In an assembly of between twenty and forty people, extremes of frustration, anger, conflict or other difficulties may occur, but in a group of this size such problems can be contained with relative ease. As sensitivity and experience increase, a perception of shared meaning emerges in which people find that they are neither opposing one another, nor are they simply interacting. Increasing trust between members of the group — and trust in the process itself — leads to the expression of the sorts of thoughts and feelings that are usually kept hidden. There is no imposed consensus, nor is there any attempt to avoid conflict.
No single individual or sub-group is able to achieve dominance because every single subject, including domination and submission, is always available to beconsidered. Participants find that they are involved in an ever changing and developing pool of common meaning. A shared content of consciousness emerges which allows a level of creativity and insight that is not generally available to individuals or to groups that interact in more familiar ways.
As this fellowship is experience it begins to take precedence over the more overt content of the conversation sic. This is the point that sometimes causes confusion between Dialogue and some forms of psychotherapy.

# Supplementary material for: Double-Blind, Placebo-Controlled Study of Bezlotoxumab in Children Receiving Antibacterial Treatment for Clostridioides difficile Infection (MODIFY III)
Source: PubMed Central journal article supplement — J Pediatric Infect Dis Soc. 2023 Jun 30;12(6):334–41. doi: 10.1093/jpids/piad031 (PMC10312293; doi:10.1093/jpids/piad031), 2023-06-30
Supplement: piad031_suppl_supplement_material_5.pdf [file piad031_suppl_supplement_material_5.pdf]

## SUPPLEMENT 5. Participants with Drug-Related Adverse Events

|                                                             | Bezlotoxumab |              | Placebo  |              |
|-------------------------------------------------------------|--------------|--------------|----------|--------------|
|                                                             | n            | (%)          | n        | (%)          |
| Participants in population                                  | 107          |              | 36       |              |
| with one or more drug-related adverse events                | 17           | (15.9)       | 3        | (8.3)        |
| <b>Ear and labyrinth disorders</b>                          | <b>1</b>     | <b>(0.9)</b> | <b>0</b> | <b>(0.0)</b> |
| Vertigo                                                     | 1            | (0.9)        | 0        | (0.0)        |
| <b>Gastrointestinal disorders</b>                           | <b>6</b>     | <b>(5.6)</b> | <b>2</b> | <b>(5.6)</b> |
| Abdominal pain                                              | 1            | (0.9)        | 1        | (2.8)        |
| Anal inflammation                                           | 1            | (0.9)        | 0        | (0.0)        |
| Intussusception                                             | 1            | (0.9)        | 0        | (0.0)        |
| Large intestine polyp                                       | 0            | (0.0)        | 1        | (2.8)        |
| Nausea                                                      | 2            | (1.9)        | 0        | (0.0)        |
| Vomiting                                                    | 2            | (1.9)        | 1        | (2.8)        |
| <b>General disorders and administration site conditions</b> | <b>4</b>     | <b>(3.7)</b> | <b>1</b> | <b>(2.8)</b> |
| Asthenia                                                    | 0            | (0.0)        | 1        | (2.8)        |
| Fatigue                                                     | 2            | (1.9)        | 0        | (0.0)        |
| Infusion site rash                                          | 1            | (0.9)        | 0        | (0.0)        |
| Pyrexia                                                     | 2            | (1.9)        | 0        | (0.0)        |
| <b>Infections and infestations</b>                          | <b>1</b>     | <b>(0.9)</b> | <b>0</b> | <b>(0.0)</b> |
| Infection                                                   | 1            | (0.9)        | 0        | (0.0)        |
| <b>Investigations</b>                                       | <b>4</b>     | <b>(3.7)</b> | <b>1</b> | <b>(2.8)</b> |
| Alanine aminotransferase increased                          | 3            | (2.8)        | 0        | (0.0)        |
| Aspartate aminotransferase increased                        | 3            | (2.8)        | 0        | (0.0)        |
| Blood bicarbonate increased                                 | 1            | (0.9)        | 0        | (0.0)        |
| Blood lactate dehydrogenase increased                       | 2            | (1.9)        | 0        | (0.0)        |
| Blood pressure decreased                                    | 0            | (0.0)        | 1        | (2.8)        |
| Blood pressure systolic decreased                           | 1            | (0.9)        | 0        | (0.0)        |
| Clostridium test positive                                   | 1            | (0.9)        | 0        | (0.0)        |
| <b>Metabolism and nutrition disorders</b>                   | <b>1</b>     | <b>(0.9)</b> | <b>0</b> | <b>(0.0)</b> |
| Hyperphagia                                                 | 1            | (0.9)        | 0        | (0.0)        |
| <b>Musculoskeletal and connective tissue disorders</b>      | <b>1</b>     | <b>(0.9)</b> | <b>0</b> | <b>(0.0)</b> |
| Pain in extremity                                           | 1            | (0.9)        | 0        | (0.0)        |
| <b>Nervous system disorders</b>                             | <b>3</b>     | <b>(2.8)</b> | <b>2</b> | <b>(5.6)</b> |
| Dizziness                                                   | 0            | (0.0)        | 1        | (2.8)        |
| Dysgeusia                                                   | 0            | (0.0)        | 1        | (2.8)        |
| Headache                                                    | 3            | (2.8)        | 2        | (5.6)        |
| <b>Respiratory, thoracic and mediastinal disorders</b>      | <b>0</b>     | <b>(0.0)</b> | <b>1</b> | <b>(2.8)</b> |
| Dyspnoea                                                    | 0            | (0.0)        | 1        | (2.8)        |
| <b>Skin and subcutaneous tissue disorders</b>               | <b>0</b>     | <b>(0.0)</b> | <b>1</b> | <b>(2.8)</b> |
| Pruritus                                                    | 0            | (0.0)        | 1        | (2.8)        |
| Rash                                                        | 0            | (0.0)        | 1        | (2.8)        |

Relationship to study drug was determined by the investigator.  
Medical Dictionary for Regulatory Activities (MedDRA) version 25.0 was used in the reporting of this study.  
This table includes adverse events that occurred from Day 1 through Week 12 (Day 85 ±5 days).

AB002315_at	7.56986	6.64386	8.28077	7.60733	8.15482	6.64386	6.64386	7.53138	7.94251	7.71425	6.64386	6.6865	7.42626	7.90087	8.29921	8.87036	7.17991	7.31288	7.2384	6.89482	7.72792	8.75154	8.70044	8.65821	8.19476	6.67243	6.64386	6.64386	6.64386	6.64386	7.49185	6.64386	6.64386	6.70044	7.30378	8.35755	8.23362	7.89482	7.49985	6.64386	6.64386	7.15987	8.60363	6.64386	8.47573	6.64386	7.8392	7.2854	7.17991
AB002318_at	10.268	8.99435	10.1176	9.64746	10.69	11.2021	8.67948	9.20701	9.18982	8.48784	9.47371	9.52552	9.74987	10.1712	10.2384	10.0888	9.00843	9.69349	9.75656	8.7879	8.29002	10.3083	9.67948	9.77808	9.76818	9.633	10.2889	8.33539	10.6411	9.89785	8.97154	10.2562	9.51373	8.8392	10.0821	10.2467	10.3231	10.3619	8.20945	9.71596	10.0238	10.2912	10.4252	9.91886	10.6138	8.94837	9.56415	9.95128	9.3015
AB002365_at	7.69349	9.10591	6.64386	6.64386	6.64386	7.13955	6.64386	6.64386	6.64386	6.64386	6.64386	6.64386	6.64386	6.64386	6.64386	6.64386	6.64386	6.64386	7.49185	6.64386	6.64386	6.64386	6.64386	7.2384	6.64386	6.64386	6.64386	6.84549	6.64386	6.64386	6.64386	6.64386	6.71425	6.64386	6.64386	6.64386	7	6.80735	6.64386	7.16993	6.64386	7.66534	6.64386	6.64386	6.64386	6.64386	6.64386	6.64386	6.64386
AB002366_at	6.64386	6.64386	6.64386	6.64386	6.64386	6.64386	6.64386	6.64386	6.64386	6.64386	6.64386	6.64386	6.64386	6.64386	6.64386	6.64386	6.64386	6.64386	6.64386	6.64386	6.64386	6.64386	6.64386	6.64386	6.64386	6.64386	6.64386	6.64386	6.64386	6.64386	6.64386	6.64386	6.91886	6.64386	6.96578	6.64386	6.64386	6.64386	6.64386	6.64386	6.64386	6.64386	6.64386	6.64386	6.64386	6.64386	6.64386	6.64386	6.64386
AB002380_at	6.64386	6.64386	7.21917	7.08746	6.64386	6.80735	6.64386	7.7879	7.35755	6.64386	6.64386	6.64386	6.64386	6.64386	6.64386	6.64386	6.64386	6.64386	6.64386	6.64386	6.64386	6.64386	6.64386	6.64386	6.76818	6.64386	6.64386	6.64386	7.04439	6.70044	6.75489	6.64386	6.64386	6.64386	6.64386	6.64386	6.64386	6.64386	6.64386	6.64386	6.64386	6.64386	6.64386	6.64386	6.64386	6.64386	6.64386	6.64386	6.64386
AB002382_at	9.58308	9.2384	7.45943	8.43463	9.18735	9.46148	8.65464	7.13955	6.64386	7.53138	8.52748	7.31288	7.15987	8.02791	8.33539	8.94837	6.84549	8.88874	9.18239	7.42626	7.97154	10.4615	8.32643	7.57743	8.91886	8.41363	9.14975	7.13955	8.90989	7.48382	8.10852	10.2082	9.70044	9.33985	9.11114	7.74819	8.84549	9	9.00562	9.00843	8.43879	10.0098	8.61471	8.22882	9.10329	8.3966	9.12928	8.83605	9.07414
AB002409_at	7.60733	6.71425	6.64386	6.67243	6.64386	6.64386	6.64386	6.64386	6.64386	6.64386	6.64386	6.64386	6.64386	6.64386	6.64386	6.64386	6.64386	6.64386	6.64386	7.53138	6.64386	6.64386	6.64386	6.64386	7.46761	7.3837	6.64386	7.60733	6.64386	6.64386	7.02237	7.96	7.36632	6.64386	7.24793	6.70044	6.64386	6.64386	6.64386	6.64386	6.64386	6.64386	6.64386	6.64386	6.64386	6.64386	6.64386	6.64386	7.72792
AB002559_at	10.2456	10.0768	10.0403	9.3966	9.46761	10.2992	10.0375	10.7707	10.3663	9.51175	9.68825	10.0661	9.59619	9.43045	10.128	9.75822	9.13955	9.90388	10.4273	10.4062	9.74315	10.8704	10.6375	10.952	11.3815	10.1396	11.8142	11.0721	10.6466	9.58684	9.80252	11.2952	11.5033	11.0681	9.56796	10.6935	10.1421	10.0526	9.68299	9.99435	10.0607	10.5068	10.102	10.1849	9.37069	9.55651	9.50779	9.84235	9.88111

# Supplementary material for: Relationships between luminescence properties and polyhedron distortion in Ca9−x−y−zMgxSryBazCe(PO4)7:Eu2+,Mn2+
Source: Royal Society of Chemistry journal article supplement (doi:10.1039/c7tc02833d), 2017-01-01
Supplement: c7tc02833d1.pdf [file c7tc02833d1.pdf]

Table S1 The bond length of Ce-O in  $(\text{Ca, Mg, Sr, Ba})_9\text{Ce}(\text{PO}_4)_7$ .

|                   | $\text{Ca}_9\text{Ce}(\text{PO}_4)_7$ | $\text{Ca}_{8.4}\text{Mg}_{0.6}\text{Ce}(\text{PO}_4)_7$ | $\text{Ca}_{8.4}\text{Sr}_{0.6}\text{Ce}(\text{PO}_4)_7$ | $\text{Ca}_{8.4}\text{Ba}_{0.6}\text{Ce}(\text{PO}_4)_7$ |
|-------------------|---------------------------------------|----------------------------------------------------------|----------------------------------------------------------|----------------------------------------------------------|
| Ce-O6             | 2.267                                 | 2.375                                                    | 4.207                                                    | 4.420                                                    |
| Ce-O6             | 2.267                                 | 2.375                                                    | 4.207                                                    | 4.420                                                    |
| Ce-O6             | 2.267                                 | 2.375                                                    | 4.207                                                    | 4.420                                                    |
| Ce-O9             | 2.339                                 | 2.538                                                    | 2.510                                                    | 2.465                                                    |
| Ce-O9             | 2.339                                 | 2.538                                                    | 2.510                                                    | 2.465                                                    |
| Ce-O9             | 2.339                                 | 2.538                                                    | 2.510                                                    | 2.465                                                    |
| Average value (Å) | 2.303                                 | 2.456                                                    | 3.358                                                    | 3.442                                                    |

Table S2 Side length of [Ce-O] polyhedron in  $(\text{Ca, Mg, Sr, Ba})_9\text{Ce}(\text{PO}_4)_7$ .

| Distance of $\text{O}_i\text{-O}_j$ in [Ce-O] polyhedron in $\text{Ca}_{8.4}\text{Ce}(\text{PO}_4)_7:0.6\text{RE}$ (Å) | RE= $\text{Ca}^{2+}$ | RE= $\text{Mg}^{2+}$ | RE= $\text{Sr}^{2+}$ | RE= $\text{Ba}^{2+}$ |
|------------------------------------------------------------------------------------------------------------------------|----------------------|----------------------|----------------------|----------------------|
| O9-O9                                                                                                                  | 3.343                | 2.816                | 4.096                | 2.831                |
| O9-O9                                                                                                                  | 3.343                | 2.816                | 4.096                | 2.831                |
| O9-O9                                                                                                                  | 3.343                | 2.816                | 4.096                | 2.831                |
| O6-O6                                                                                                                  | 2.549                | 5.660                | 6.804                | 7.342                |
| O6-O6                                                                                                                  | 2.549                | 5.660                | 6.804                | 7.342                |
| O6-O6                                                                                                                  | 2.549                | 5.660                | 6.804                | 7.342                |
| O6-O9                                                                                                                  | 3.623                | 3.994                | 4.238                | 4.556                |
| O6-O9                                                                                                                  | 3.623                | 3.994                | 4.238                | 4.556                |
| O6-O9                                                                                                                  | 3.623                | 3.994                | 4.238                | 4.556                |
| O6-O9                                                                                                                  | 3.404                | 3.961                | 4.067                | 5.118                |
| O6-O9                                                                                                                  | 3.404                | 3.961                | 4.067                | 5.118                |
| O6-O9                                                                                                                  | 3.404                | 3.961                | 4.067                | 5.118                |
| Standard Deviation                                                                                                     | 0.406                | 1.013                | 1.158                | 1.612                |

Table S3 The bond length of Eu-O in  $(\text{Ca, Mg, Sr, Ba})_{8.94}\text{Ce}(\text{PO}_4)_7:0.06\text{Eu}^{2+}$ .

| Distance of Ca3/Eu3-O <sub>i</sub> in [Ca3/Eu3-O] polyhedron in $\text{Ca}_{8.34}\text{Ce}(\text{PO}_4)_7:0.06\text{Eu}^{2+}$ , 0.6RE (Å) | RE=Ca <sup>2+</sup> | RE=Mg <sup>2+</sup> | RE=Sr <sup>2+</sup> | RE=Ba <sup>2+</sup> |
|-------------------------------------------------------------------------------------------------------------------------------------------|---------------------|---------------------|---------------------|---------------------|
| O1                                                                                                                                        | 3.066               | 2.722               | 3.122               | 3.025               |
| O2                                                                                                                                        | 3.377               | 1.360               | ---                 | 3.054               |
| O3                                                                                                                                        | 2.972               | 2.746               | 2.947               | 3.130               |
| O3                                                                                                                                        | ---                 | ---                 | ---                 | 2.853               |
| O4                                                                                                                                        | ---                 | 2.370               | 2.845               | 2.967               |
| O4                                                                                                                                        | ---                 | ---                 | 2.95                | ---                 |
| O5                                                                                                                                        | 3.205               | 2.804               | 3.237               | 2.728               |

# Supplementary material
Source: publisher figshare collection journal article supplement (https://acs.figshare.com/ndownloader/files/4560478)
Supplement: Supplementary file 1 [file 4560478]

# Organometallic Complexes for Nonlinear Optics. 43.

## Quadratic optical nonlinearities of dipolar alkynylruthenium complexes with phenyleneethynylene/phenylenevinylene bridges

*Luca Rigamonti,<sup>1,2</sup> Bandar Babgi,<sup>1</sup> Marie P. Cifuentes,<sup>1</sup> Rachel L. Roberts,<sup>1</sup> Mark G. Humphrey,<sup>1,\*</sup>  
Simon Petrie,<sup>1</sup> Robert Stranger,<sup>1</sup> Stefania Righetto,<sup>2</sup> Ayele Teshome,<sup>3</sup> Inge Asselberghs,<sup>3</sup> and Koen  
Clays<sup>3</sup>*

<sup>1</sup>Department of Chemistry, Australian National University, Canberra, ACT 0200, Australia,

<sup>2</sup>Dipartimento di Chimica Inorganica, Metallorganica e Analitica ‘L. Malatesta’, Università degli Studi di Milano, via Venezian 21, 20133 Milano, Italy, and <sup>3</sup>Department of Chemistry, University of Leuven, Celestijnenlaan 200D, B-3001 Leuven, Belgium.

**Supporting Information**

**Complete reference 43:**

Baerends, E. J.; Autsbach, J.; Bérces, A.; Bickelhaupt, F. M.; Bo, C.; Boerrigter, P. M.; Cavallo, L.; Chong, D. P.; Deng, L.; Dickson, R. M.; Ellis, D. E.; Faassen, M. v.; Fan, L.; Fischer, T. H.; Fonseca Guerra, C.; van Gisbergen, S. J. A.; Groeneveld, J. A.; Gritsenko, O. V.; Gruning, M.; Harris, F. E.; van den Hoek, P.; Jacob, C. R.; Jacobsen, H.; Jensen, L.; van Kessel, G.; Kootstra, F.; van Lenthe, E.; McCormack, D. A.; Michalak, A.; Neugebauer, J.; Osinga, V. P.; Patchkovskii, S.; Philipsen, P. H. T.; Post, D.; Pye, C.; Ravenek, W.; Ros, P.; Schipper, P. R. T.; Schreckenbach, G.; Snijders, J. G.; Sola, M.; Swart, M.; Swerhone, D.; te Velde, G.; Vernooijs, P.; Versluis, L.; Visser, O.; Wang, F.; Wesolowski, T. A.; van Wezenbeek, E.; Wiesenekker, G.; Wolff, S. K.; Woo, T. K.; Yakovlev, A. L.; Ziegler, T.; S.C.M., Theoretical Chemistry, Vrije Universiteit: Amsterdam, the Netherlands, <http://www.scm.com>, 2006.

Definition of Dialogue
Participants may want to hold the group together in order to preserve the pleasurable feeling of security and belonging that accompanies the state. This is similar to that sense of community often reached in therapy groups or in team building workshops where it is taken to be the evidence of the success of the method used. Beyond such a point, however, lie even more significant and subtle realms of creativity, intelligence and understanding that can be approached only by persisting in the process of inquiry and risking re-entry into areas of potentially chaotic or frustrating uncertainty.
Its chief historical origins as narrative, philosophical or didactic device are to be found in classical Greek and Indian literature, in particular in the ancient art of rhetoric. While the dialogue was less important in the nineteenth century than it had been in the eighteenth, it was not extinct. The British author W.